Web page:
It's easy to shout profanities at referees, but instead of destructive hate, look at the situation constructively.
In last night's FA Cup semifinal, referee Martin Atkinson reinforced the notion that technology needs to be incorporated into officiating football games.
Regarding officiating in the Premier League, here are seven ways to help improve the standard of refereeing.
Marco Zoro once attempted to leave the field with the match ball after being racially abused, so don’t tell me referees have to toughen up and accept abuse from players.
A few years ago, Ashley Cole went out of his way to humiliate referee Mike Riley, knowing the official was too scared to send him off. Cole had escaped a blatant red card for assaulting Alan Hutton (who is no angel himself).
When I talk about dissent, I'm not talking about a nutter like Javier Mascherano, who said "F--- off" to referee Steve Bennett at least five or six times.
I'm talking about the snide remarks here and there like "Ref, c'mon—I didn't complain about those other calls, but that one was the wrong call."
Players with high football IQ know how to coax a referee onto their side by belittling his decisions in a constructive manner.
Do you know who the best at this is? Xavi.
In the 2009 El Derbi Barceloní, Xavi was constantly in the ear of referee Eduardo Iturralde González.
González later caved in and awarded Barcelona a nothing penalty.
If a player shows dissent in any form to a referee (with the exception of a challenge, which we'll discuss later), the referee shouldn’t pull out the yellow card for dissent, it should be a red card and the governing body should suspend that player for a game.
Referees need to officiate a game without being intimidated or too scared to make the right and often brave call.
According to the Professional Game Match Officials Board, 92 percent of major decisions are called correctly by Premier League referees.
I don’t believe that for a second because referee Michael Oliver failed to spot three clear penalties—one in Manchester United’s 1-0 win over Fulham and two in Norwich City’s 2-1 win over Tottenham Hotspur.
So he certainly doesn’t have a 92 percent success rate on major decisions; therefore, it’s impossible for all Premier League referees to have that high of a percentage.
That being said, I believe in the 80-20 principle where 20 percent of incorrect decisions make up 80 percent of a referee’s reputation.
Hold the referee accountable by making statistics of their decisions available to the public.
How many mistakes has Oliver made this season? How many correct calls has referee Andre Marriner made? How many fouls does referee Howard Webb call in favour of Manchester United verses fouls called against them?
At the end of the season, you look at the referees who have made the most mistakes and relegate them to the Football League.
Making advanced statistics on referees available to the public facilitates two things: 1) It cuts out the 80-20 principle on a referee’s reputation and 2) it holds referees accountable to the public.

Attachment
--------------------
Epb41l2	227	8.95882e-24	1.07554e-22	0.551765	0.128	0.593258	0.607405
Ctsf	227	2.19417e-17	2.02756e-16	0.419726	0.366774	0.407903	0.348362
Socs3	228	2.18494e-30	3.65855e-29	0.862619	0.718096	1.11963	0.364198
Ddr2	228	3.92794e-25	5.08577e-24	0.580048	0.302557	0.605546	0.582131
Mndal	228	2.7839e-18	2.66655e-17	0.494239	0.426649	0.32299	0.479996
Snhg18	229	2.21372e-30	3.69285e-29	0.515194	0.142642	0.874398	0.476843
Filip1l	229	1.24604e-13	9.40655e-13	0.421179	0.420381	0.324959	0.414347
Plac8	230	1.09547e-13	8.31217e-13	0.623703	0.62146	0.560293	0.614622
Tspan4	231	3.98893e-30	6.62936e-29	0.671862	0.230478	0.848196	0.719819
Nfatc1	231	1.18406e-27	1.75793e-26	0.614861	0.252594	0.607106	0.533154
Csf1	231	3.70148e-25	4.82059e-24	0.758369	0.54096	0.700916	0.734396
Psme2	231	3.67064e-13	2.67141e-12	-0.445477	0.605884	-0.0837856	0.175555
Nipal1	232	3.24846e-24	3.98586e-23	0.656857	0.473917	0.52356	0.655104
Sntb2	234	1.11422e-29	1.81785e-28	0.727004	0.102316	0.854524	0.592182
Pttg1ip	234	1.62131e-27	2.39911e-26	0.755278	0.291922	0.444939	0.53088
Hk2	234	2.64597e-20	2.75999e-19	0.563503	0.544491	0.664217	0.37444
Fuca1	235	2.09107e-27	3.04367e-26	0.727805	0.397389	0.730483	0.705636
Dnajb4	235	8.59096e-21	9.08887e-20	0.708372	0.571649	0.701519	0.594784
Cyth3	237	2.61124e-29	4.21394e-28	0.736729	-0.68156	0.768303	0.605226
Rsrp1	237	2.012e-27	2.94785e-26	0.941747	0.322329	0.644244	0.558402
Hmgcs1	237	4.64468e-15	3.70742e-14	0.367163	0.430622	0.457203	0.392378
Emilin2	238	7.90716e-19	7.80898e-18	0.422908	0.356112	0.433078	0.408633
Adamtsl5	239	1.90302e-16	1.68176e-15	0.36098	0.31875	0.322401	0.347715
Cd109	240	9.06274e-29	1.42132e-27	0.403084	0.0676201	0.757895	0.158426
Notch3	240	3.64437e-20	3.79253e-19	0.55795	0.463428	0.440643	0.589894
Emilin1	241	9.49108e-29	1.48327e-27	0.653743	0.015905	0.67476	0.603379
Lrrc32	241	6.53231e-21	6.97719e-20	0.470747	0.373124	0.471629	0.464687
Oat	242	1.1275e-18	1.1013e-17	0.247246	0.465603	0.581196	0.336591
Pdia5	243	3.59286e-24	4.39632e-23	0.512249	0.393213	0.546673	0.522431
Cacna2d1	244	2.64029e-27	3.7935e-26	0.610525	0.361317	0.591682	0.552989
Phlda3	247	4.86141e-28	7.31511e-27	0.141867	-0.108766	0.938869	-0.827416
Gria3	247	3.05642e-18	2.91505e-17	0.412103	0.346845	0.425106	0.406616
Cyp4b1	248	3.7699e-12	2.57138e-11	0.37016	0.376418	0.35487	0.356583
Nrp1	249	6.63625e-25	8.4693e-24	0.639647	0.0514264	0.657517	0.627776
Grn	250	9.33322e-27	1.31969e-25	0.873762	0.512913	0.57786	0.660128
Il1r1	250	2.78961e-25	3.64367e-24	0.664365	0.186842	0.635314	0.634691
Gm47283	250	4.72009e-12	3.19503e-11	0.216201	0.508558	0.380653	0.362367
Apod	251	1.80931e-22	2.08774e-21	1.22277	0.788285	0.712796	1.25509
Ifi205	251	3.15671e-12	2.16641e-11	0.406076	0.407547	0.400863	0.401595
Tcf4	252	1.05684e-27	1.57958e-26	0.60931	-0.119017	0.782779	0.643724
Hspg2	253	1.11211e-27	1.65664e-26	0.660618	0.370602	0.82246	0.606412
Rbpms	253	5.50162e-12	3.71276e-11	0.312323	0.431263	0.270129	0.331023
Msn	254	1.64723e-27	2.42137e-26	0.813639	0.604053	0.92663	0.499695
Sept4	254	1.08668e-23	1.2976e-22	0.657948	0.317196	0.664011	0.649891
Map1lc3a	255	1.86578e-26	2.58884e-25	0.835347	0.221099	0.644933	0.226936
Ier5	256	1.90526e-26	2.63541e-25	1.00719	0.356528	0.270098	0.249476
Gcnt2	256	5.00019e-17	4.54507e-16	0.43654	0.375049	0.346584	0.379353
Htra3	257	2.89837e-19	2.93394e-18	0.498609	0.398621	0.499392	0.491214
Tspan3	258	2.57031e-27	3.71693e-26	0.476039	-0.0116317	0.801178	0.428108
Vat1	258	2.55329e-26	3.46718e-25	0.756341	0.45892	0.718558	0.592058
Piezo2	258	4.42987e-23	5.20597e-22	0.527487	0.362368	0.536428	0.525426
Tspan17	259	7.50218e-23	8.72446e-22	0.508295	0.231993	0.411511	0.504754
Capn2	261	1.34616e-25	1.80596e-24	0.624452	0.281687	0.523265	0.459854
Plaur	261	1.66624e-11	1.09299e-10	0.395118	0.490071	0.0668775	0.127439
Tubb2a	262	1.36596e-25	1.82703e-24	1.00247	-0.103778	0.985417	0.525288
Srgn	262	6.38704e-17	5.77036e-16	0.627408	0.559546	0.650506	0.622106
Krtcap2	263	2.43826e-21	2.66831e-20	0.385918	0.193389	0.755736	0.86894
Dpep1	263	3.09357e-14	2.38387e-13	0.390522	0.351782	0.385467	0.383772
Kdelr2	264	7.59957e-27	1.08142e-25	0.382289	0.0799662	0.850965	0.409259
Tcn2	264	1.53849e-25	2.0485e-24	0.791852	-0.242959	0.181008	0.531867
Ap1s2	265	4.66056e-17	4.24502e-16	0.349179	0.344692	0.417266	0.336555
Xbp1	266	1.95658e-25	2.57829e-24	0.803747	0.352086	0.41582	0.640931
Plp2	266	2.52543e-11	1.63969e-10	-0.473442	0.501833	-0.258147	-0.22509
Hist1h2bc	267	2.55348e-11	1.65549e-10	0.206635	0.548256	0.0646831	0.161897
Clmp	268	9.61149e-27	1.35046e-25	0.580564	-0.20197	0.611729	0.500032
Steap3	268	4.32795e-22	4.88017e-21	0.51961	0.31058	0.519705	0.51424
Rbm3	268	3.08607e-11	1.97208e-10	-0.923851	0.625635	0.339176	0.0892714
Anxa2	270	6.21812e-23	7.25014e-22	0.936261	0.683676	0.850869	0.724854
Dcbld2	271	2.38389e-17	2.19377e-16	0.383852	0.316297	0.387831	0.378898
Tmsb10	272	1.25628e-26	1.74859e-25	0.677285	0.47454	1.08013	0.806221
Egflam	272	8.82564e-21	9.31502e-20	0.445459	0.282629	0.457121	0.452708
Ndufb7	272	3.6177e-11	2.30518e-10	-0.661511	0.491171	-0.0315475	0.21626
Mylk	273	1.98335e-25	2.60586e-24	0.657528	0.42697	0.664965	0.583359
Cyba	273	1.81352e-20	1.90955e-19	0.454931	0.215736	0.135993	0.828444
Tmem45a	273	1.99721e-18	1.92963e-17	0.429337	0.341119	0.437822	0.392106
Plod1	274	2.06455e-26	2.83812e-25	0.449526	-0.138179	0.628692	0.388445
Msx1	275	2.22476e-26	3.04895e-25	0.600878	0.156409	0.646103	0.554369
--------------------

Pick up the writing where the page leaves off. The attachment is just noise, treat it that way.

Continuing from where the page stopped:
For all we know, 60 percent of Webb’s decisions go against Manchester United. Until the public has access to these statistics, his reputation as pro United will continue.
Some of the best managers have been failed footballers because it’s their only chance to make football a career.
There should be a pathway for failed trainees to become professional referees.
It not only increases the amount of referees in the game but you have officials who were trained as professional footballers.
Right now, there are 16 Premier League listed referees; expand it to 20 and make it 15 home-grown referees and five foreign referees.
You’d be surprised how good foreign referees are. According to the International Federation of Football History and Statistics, there were no Premier League referees in the top 15 referees from 1987-2011.
Referee Ravshan Irmatov could be drunk and he’d probably still make more correct calls than Stuart Attwell.
God bless Attwell, but I have never ever seen a referee make so many high-profile mistakes.
According to a study, the speed of Premier League football has increased by 20 percent in the past five years.
The game has become so fast that sometimes it’s impossible for referees to keep up with the play.
Referee Mark Clattenburg was just behind Pedro Mendes when his audacious long-range shot was parried over the line by Roy Carroll.
Clattenburg had no chance to see it, whereas if Dermot Gallagher was the second official referee, he would have positioned himself in the box and called Mendes’ goal.
What about Clattenburg’s linesman that day? Well, he was in line with the second to last Manchester United defender and they had all pushed up after Carroll swept up play.
There are two linesmen to cover each half, so why not have two main referees?
I suspect referee Martin Atkinson didn’t want to relive the embarrassment of not seeing Clint Hill's clear goal a month or so ago.
When Juan Mata and Salomon Kalou instantly celebrated, it made Atkinson’s decision easier, so he called it a goal when it wasn’t.
If goal-line technology was implemented, then Atkinson wouldn’t have erred on the side of caution for Hill’s goal and then pulled the trigger for Mata’s ghost goal.
FIFA can solve two issues—bad refereeing decisions and diving—by implementing one change.
A challenge system contradicts the referee’s authority, but what is the greater good here? It is to get the decision correct.
Gareth Bale wouldn’t have dived to win a penalty against Arsenal knowing Wojciech Szczęsny would have challenged the decision.
Not only would the penalty have been overturned, Bale would have received a yellow card for simulation.
Please read "Carragher's 7 Worst Moments This Season."